By Georgia Vasiliou
A Turkish Cypriot World War II soldier, serving with the British army, and a Greek Cypriot soldier, both imprisoned in the same German camp. A friendship is born in captivity, as the Greek Cypriot, Glafcos Clerides, who later became President of Cyprus, saves the life of his Turkish Cypriot compatriot, Ibrahim Salih Bekir, whom the Germans mistakenly took for a Jew by the name of Abraham.
Bekir, 97 years old today, in an interview with CNA, reveals his memories about World War II and his friendship with Clerides. He also recounts some other stories when he served at the Central Prisons in Nicosia during the British colonial rule and explains how he met Cypriot resistance fighter Michalakis Karaolis, the first EOKA member to be sentenced to death alongside Andreas Dimitriou on 10 May 1956.
“First we were deployed in Egypt and Libya where we fought against the Italians. After this I went to Greece because the Germans started pushing up in Mount Olympus. We started retreating. From there they pushed us till Kalamata (a coastal Greek town),” he says and describes how their hopes of rescue turned into a nightmare when, instead of the English fleet, German ships appeared on the horizon.
“We were waiting for the English ships to come and take us away. We waited all night. Suddenly we saw lights out at sea and we began cheering. They were German, they surrounded us and took us prisoner,” Bekir said.
He then recounts how they were transferred to Salonica to a temporary prison where he nearly died. Under the guidance of their English officer in command, they decided to attempt an escape through the sewage pipes.
“One night,” Bekir recalls, “a group of us set off, hoping to escape. Fifteen or sixteen managed to escape and ran into nearby woods. Then the General told me `it is your turn`. I went down into the pipe and I was ready to start crawling. Suddenly, we heard machine guns. The Germans discovered the last people coming out of the pipe on the other end and killed them all. Our officer shouted `back-back`. I rushed back”.
Two months later they were transferred to Czechoslovakia, only to be taken later on to what he describes as “the biggest prisoners` camp”, on the borders between Poland and Germany. Some 34,000 prisoners were held there, he says.
“There I met Glafcos Clerides. Being both Cypriots we became friends, very – very good friends. We spent four years together. We shared everything, food, the cigarette butts the Germans were throwing away which we collected from the ground,” he says.
“Glafcos was such a gentleman, without discriminating between Turks or Greeks, he was treating us the same way.”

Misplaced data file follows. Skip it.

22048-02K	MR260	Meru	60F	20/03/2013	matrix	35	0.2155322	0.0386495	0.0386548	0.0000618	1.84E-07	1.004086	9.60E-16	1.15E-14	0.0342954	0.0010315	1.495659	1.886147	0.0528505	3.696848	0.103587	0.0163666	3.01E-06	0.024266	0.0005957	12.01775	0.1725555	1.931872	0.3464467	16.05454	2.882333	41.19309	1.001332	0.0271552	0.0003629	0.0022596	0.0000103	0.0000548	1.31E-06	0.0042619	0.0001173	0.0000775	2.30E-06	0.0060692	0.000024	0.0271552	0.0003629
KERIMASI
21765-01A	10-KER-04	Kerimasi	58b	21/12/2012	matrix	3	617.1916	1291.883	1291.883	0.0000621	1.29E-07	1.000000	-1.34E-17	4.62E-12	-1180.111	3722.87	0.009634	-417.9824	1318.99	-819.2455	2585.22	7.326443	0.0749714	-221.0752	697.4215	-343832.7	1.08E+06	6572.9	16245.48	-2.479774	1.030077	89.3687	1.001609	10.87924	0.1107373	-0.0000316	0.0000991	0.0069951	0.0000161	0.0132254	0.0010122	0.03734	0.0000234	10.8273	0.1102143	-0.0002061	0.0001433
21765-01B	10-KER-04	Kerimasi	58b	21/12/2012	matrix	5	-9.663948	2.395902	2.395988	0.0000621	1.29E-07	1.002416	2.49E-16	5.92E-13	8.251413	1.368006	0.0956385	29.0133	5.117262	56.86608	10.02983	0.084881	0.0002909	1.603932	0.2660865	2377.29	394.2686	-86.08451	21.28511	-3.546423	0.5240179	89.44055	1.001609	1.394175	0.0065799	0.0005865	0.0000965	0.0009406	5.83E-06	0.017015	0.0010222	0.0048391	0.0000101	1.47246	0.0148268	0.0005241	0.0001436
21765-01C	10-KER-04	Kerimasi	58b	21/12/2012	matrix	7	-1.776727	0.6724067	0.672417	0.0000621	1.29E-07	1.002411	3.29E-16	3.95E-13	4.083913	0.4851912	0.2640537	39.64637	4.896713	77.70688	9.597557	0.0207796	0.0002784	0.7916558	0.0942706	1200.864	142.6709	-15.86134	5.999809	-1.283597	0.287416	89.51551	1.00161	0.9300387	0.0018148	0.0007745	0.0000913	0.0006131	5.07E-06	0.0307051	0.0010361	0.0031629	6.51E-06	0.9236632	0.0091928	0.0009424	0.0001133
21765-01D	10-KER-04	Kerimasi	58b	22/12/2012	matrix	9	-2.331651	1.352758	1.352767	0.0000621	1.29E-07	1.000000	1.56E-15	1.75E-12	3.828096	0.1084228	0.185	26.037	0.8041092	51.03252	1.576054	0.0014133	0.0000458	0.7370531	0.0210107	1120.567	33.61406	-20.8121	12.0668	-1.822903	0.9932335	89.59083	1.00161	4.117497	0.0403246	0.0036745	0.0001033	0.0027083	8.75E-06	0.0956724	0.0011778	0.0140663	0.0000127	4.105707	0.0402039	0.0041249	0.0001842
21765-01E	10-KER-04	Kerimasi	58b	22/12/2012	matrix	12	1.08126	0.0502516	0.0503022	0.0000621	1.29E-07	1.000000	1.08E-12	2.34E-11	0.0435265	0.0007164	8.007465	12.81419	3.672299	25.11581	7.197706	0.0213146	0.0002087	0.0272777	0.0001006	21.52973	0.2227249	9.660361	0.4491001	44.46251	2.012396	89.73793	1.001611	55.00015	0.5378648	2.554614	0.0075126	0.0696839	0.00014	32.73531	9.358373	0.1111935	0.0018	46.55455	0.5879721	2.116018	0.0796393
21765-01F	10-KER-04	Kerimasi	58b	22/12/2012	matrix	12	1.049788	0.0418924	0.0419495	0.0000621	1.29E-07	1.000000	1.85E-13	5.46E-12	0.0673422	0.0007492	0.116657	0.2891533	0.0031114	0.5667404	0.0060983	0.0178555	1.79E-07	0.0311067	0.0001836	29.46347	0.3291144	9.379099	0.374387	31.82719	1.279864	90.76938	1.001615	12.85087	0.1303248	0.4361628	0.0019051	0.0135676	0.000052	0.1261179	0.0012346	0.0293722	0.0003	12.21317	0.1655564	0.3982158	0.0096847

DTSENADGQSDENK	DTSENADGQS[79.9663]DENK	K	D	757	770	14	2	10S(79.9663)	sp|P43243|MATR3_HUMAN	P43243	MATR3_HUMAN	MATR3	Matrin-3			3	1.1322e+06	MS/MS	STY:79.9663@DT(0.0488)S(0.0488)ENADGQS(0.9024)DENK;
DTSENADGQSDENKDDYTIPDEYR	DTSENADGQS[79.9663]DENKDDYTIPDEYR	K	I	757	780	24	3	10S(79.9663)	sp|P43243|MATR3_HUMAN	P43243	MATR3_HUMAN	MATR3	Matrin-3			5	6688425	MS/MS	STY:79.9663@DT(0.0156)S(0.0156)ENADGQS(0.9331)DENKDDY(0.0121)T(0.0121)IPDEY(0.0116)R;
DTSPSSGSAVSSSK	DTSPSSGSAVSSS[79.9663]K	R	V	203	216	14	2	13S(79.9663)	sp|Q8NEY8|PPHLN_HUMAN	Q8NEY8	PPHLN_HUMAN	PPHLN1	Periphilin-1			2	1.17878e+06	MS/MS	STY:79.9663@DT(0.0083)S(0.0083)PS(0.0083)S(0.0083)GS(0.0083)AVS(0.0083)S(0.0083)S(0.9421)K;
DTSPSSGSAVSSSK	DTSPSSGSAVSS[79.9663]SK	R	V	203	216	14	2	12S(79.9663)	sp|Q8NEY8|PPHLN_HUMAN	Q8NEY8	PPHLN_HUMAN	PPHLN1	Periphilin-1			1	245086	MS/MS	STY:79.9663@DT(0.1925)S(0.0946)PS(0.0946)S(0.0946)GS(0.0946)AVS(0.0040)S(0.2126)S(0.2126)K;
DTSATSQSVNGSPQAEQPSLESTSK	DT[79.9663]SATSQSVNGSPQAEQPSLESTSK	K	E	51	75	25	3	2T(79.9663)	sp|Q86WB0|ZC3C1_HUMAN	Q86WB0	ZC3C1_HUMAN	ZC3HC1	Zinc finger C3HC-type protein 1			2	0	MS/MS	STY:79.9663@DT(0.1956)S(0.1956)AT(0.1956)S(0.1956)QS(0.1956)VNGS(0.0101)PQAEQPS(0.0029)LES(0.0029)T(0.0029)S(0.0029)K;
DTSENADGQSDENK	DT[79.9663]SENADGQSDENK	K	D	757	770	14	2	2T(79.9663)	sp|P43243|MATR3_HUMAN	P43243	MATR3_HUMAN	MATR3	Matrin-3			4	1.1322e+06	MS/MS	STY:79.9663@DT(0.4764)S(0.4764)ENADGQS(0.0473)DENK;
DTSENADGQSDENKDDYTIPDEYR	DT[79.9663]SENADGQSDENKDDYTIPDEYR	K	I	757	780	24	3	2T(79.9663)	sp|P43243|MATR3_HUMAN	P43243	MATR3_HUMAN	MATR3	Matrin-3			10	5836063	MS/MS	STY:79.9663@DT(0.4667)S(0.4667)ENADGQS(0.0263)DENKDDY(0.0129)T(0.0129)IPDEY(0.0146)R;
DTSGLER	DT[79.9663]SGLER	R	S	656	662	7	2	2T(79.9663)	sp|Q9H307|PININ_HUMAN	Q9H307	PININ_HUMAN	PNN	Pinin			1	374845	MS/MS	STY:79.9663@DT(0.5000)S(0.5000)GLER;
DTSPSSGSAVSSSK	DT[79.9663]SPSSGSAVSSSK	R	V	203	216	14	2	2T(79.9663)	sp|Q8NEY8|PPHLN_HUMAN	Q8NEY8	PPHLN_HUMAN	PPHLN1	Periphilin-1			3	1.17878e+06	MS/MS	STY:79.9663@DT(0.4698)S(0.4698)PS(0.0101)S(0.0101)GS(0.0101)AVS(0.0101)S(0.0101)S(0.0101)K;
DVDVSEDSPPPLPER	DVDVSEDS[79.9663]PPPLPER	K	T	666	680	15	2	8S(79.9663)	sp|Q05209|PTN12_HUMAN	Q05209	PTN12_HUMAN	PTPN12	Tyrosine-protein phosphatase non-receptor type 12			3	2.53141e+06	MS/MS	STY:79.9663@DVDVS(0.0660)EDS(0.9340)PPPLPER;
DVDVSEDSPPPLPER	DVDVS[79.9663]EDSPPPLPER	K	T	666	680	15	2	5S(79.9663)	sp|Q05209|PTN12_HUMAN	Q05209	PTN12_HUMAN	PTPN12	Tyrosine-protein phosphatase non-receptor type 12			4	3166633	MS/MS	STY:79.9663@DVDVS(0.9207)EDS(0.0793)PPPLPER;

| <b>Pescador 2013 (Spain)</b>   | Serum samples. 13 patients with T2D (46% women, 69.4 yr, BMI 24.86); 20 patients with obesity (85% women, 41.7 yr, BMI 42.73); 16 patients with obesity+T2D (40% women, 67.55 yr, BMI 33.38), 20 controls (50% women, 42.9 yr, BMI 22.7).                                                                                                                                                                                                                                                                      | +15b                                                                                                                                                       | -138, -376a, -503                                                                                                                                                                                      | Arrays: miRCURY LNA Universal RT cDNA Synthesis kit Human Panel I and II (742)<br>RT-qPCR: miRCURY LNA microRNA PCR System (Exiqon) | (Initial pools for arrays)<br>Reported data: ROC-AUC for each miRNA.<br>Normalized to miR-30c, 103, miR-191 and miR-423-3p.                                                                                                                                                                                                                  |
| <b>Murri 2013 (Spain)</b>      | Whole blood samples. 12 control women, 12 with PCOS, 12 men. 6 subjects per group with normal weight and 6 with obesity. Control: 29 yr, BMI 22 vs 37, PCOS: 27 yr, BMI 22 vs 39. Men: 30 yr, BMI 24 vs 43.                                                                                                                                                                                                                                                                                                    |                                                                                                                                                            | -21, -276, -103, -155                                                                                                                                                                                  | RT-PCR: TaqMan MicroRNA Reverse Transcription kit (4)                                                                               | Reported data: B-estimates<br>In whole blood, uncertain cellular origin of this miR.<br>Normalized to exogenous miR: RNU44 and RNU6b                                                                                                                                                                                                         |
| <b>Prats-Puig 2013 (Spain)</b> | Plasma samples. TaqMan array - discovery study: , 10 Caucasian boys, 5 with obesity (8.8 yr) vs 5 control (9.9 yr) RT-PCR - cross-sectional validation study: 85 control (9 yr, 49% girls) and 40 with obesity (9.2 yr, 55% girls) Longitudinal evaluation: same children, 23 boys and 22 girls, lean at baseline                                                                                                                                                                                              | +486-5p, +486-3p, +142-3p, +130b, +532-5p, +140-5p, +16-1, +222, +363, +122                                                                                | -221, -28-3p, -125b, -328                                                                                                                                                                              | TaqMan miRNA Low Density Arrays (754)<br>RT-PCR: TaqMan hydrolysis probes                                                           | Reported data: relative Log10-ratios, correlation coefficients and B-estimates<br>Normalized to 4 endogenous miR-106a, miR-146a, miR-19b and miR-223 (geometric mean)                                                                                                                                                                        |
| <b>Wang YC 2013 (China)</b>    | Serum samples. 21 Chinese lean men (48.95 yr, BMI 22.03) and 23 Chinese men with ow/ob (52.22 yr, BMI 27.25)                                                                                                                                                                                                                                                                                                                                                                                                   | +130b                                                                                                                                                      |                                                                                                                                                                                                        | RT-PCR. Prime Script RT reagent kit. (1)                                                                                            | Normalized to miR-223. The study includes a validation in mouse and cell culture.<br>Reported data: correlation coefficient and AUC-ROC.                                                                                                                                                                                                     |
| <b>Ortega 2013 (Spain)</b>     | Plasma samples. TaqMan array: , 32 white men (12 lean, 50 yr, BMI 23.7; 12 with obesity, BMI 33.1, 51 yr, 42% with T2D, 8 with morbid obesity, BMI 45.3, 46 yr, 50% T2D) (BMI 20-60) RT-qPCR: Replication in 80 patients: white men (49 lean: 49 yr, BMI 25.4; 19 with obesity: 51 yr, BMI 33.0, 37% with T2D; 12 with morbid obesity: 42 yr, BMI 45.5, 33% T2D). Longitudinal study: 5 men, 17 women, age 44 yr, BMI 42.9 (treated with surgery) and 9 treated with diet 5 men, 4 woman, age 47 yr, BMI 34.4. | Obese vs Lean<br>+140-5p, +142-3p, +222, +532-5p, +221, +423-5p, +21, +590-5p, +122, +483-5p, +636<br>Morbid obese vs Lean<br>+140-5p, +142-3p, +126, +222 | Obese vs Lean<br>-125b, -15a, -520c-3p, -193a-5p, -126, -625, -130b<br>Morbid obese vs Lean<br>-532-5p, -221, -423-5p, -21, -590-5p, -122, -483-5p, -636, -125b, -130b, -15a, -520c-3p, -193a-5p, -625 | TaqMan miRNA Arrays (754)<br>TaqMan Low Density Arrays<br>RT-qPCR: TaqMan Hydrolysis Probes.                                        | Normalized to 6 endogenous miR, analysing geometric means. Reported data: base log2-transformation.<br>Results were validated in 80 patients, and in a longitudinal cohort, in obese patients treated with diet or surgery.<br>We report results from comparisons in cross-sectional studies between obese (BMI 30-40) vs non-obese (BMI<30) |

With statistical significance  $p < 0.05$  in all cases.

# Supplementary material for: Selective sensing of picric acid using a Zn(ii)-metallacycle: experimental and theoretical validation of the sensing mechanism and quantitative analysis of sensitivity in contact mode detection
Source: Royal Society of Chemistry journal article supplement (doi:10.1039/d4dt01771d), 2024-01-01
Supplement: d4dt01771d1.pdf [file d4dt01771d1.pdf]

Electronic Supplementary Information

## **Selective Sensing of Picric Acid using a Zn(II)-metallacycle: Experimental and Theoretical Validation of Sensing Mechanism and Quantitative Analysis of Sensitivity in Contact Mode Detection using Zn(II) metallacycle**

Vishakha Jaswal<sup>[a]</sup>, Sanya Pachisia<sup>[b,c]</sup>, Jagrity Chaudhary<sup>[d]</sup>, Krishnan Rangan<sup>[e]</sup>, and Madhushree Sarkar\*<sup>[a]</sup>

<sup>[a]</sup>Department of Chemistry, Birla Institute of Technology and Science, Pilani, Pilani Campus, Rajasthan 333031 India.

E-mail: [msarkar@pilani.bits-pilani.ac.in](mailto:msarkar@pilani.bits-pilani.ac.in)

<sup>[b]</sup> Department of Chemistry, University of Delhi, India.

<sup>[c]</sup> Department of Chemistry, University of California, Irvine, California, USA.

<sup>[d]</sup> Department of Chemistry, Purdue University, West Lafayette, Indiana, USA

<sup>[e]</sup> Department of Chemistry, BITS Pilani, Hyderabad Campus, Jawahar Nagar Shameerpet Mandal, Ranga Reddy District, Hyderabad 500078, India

“During the day we used to play football and other sports,” in one of the eight teams the prisoners had set up. Bekir played for the Irish team “because there were not many Turks or Greeks to form a team”. Clerides, he explains, did not play. “Glafcos organised a Cypriot volleyball team and we were the champions of the camp. I was the captain and Clerides was playing near me. I was better than him, but anyway…”
Bekir recounts Clerides` attempt to escape together with a Yugoslav fellow prisoner. “Are you coming? Clerides asked me. I said let me think about it. Next morning the Irish football captain came and reminded me about the important match ahead of us. So I told Clerides, look, I promised to play. I can’t leave them. It’s up to you, he said. And he escaped with the Yugoslav friend”.
“Clerides and the Yugoslav walked for nearly 3-4 days in the forest. They were very near Yugoslavia when they got hungry and decided to eat a tin of English corn-beef they had with them. They threw away the empty tin and they continued walking. But a German patrol spotted the tin and they started searching around, till they found and captured them and brought them back to the camp,” he says. “They were so near. They were an hour and a half away from the sea. When they came to the camp again, we were making jokes of course,” Bekir said.
“Time passed. The camp where the Germans were burning the Jews, women, men, and children was nearly 100 yards away from our camp. And we used to watch hundreds of people brought in on lorries”.
That could have become his fate too, had it not been for Clerides he said. One letter in a name made all the difference between Ibrahim and Abraham.